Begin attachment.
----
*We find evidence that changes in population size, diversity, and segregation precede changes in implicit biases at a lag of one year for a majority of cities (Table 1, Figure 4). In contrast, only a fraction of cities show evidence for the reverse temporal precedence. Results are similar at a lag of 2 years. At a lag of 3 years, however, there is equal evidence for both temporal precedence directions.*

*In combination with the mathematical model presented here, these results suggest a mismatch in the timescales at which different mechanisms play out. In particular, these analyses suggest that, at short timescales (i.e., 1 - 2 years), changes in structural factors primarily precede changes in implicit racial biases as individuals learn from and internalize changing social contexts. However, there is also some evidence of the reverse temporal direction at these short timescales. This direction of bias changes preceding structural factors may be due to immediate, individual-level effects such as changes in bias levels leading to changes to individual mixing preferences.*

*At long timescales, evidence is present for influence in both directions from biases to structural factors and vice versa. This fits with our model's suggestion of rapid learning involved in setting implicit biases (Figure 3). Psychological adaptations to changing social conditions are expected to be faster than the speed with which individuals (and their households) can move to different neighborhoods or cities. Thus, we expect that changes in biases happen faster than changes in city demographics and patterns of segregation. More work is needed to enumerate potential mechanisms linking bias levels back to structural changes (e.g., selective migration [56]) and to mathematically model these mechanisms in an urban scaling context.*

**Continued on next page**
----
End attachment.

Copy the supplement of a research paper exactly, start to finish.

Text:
*We find evidence that changes in population size, diversity, and segregation precede changes in implicit biases at a lag of one year for a majority of cities (Table 1, Figure 4). In contrast, only a fraction of cities show evidence for the reverse temporal precedence. Results are similar at a lag of 2 years. At a lag of 3 years, however, there is equal evidence for both temporal precedence directions.*

*In combination with the mathematical model presented here, these results suggest a mismatch in the timescales at which different mechanisms play out. In particular, these analyses suggest that, at short timescales (i.e., 1 - 2 years), changes in structural factors primarily precede changes in implicit racial biases as individuals learn from and internalize changing social contexts. However, there is also some evidence of the reverse temporal direction at these short timescales. This direction of bias changes preceding structural factors may be due to immediate, individual-level effects such as changes in bias levels leading to changes to individual mixing preferences.*

*At long timescales, evidence is present for influence in both directions from biases to structural factors and vice versa. This fits with our model's suggestion of rapid learning involved in setting implicit biases (Figure 3). Psychological adaptations to changing social conditions are expected to be faster than the speed with which individuals (and their households) can move to different neighborhoods or cities. Thus, we expect that changes in biases happen faster than changes in city demographics and patterns of segregation. More work is needed to enumerate potential mechanisms linking bias levels back to structural changes (e.g., selective migration [56]) and to mathematically model these mechanisms in an urban scaling context.*

**Continued on next page**